To show our work, $100M of gross premium, used to be $70 after reinsurance with $56 of loss + expense. The $56 doesn’t change but the $70 drops to $55 yielding a 102% CR.
|$56/($100 – $45) = 1.02|
This means there is no path to profit in NO storm years. So how do you pay for the future hurricane losses? The math suggests you run out of capital.
Demotech certainly can understand this math and downgrade you. So even if I am wrong about FHCF, the local carriers are still going to be incredibly challenged. If I’m also right about FHCF, it’s hard to see how most of them continue to write new business.
The Transitive Property
Let’s bring out some more fun math! Do you remember the transitive property from like fourth grade? If A = B and A = C, then B = C. Well, the state of Florida might resort to the transitive property to pass along the cost of higher insurance losses.
Could the state recapitalize the FHCF out of general revenues? Sure, it could. But would it make sense?
The big reason the insurance market is broken is because Floridians refuse to pay a market rate for insurance. If you raise their taxes to pay for it (I’m not suggesting they will start a state income tax but it will be funded one way or the other), how is that any different than asking them to pay more insurance premium?
In other words, if higher insurance premiums cost me money and higher taxes cost me money, then higher taxes are just as bad as higher insurance premiums.
I guess you can fool yourself into thinking the state can borrow more forever rather than raise revenue to pay for insurance bailouts, but eventually the bill comes due.
The simplest way to pay it is let insurance premiums rise to an actuarially fair value that will bring new entrants into the market so the state doesn’t have to keep funding the losses.
But if you’re a resident of Florida, you’re paying for this one way or the other.
Zero Sum Game
Here’s some more math. Over the last 30 years, homeowners insurers have cumulatively lost money in Florida. That is true over most shorter time periods as well.
There is a very simple reason for this. Insurance premiums are not high enough to cover losses and expenses.
If that is the case (and you can check the math if you doubt it), why are there so many local insurance companies eager to write the business? Because, as I have pointed out previously, the executives at these companies often get paid handsomely.
This means, mathematically, if they are the winners, then everyone else – the insureds, the investors, the taxpayers – are the losers.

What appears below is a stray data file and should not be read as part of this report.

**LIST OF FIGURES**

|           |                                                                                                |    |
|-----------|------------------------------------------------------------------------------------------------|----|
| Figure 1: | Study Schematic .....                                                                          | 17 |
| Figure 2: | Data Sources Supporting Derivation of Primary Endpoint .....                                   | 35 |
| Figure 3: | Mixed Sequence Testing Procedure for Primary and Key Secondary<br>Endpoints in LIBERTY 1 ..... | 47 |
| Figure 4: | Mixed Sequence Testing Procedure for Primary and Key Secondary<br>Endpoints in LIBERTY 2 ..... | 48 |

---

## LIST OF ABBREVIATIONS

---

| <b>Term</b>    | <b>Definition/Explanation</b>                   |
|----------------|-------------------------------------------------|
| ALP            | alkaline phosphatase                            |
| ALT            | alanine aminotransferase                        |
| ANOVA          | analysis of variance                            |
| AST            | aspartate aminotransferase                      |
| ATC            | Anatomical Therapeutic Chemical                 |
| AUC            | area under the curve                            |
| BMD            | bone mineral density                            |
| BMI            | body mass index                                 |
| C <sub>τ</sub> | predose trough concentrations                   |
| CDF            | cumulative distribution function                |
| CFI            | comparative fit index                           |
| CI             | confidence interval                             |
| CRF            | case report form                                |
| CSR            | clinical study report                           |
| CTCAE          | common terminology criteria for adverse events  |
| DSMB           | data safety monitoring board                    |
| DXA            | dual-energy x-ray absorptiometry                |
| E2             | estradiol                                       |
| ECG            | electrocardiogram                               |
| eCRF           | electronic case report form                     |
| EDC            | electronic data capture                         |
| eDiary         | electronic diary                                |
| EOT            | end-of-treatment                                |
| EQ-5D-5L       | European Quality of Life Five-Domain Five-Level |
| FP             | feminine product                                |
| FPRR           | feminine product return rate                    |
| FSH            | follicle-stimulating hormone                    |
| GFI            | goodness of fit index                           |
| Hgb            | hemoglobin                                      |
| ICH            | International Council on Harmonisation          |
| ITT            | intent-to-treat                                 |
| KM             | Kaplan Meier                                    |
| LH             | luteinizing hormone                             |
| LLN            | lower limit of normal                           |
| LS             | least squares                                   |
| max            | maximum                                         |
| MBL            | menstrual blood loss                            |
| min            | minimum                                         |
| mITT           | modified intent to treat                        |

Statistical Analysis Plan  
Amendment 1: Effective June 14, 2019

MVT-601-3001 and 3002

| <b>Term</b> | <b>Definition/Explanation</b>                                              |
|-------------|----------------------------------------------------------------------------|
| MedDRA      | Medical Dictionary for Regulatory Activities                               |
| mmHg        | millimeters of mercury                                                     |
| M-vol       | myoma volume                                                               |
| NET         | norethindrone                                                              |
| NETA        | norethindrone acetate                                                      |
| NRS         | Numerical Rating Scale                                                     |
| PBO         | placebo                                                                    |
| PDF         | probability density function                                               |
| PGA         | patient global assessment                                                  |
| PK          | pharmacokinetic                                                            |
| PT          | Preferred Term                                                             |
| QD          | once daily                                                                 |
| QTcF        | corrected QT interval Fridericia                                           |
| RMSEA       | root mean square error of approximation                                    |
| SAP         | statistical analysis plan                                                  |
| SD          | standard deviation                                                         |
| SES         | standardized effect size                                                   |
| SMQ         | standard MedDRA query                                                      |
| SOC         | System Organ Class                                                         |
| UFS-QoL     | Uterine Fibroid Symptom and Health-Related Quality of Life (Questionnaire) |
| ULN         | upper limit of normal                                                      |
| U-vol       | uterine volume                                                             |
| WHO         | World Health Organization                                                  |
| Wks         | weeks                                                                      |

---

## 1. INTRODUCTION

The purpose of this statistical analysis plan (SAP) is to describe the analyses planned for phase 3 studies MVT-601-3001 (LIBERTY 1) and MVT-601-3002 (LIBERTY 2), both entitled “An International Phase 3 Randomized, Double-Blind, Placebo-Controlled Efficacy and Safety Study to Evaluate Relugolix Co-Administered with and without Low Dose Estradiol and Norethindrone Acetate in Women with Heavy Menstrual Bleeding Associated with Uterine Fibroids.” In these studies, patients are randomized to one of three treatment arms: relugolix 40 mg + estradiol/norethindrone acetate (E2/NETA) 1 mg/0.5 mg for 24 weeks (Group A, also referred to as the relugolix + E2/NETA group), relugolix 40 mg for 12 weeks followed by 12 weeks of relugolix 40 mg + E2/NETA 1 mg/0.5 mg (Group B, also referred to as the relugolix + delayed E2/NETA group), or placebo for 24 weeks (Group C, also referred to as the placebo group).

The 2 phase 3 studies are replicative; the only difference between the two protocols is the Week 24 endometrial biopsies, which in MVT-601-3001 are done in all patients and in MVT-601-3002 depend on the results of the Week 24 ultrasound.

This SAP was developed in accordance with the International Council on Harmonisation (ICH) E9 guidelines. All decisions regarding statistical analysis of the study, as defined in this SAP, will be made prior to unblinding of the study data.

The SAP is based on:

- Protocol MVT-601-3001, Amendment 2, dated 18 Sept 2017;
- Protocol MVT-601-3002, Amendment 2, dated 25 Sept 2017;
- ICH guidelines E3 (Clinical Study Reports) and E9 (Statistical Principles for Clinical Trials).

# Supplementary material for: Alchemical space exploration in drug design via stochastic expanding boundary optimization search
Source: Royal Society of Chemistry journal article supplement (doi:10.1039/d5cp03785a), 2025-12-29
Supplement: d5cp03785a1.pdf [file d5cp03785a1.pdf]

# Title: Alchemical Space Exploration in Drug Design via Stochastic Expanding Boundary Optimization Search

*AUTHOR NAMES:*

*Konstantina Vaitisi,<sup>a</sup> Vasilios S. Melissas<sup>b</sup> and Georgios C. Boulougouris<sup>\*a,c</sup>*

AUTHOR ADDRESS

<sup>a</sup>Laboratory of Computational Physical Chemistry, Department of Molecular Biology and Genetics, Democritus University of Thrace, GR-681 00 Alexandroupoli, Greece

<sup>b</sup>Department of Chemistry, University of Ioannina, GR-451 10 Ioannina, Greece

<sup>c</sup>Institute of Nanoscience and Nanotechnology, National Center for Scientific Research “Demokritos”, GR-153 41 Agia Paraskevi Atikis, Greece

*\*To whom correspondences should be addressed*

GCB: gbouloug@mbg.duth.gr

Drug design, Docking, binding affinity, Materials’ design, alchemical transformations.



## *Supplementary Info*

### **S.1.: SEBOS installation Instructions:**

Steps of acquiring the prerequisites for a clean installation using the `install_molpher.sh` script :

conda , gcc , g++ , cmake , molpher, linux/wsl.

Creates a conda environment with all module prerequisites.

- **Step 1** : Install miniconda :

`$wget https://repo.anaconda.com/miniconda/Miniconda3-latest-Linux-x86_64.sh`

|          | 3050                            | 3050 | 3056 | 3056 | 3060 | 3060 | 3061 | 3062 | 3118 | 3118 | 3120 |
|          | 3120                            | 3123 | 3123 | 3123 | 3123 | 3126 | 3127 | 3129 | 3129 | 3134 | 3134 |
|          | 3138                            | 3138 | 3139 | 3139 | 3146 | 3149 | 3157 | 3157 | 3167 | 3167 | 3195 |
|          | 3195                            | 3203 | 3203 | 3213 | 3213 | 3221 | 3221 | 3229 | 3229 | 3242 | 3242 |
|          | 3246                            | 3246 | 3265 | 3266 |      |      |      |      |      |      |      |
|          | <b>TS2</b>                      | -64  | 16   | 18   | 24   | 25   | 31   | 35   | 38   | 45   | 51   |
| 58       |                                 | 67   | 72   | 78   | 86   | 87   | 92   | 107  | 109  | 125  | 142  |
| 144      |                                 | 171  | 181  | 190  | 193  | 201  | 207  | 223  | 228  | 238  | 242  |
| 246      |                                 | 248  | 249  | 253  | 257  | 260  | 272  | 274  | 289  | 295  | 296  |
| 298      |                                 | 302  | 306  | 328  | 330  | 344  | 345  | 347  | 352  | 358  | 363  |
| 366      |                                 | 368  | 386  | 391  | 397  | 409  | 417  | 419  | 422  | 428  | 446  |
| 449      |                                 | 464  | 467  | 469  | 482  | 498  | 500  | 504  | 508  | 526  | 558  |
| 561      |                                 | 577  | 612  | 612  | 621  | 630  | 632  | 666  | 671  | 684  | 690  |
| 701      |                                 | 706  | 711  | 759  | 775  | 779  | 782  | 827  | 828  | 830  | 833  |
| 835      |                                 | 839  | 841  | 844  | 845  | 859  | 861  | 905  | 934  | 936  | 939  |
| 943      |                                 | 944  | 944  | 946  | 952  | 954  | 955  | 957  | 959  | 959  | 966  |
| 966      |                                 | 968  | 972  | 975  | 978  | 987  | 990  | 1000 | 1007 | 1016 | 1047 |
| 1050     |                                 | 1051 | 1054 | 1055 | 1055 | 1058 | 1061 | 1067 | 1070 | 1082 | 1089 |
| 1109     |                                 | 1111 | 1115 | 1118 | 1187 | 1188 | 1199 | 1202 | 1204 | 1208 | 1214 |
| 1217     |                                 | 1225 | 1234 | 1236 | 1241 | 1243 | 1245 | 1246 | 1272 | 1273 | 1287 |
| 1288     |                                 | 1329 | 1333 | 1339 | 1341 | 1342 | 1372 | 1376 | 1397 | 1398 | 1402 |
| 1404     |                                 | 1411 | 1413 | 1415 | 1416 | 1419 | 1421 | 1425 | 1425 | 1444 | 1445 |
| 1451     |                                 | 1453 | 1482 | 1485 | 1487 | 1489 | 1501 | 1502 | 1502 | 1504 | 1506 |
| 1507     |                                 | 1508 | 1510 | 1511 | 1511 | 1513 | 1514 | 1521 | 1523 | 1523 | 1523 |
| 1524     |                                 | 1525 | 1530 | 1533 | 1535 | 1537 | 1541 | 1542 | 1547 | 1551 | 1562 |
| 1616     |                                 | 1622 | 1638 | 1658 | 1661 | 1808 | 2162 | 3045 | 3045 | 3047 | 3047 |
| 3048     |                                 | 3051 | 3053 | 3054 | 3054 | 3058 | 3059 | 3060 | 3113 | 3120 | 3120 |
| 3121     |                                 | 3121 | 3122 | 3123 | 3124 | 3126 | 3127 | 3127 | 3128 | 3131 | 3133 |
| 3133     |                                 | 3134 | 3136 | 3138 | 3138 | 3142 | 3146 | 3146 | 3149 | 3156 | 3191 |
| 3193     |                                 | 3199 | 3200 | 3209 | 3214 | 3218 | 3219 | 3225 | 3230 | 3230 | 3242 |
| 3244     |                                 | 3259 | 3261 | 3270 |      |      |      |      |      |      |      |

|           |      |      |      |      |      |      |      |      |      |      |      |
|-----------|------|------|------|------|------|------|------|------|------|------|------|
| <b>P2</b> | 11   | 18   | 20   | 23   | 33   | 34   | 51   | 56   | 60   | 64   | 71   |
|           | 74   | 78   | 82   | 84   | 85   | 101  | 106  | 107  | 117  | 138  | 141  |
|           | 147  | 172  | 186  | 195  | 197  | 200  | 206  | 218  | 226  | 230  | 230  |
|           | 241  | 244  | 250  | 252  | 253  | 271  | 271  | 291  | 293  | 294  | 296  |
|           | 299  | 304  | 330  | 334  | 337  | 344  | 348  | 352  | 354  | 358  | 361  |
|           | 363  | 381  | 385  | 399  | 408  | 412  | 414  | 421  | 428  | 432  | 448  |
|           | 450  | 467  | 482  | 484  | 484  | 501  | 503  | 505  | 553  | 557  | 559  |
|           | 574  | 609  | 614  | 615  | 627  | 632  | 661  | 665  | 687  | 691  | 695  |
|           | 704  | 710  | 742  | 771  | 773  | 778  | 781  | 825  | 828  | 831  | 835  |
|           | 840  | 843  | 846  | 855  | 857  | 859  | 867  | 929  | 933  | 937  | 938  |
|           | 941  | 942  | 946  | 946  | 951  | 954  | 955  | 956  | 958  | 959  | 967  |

Summing It Up
Yeah, I groaned at that too, but how else could I end this?
OK, I covered an awful lot of ground, so I will leave it there. As events continue to develop, I’ll be sure to return with more math you can trust.
I still have to explore what this all means for reinsurance pricing and profits next year among other things.
So what is the takeaway from all this math? First, people whose opinions I respect and who understand the Florida market well have agreed with my analysis, so that’s encouraging.
Second, there is no formula that can solve the Florida insurance crisis that doesn’t include higher prices for homeowners.
Third, there is a significant probability of a capacity crisis where homeowners can not find insurance for next summer because many primary carriers will be unable to keep their Demotech rating due to the combination of reduced FHCF capacity and the increased price of private reinsurance.
5 thoughts on “When Your Math Is The Real Disaster”
Another excellent essay. Thank you!
I see no credible path either. All roads lead to pain. Capacity will dwindle. Reinsurance costs go up possibly by triple digits. Tightening of guidelines away from coast, older structures, older roofs and wind and flood exposed properties. It really is the perfect storm that we had been imagining could happen for the past many years.
The disparate representation of open FL HO claims, 8% of countrywide, versus open FL HO claims as a % of litigated HO claims, 75 to 80%, must be addressed to re-engage private sector reinsurance as well as to stabilize rate increases at levels digestible by insureds. Until the 75-80% of litigated claims is reduced to the representative 8%, equilibrium cannot be achieved.
IMPORTANTLY, What it takes to reduce the 75-80% to 8% should be done in one fell swoop. Stair stepping will not produce the required result.
I think you were right on as usual Ian. The Florida Hurricane Catastrophe Fund has updated its capacity estimates for remainder of this season (contract year June 1, 2022-23) and next season. Assuming no shocks – that is, stable financial markets, no additional ultimate losses from Irma/Michael, an accurate initial Ian loss estimate of $10B, and 7% interest rates – banks say the Fund can borrow $8.4B within a year and $9.3B the following year. With $2.3B in rollover cash plus $1.6B in insurer premiums, and $3.5B in pre-borrowed money, this would leave the Fund $1.2B short of its $17B annual promise to Florida property insurers.
Thanks Alvaro, yes it will ultimately depend on how much the home only loss is and how fast it pays out.
The questions is if the fund gets back to $17B capacity but it’s largely debt, how will that be viewed by buyers and Demotech?
Maybe it kicks the can a year but am I a going concern if I have no idea if the FHCF will exist in a year or two and I can’t survive without them?
If there is very little surplus, then would you assume they could raise even more debt if there is another hurricane next year?
And how would you ever pay the debt back? Nobody seems to have the answer to that question! (other than pray for no losses for many years)
Comments are closed.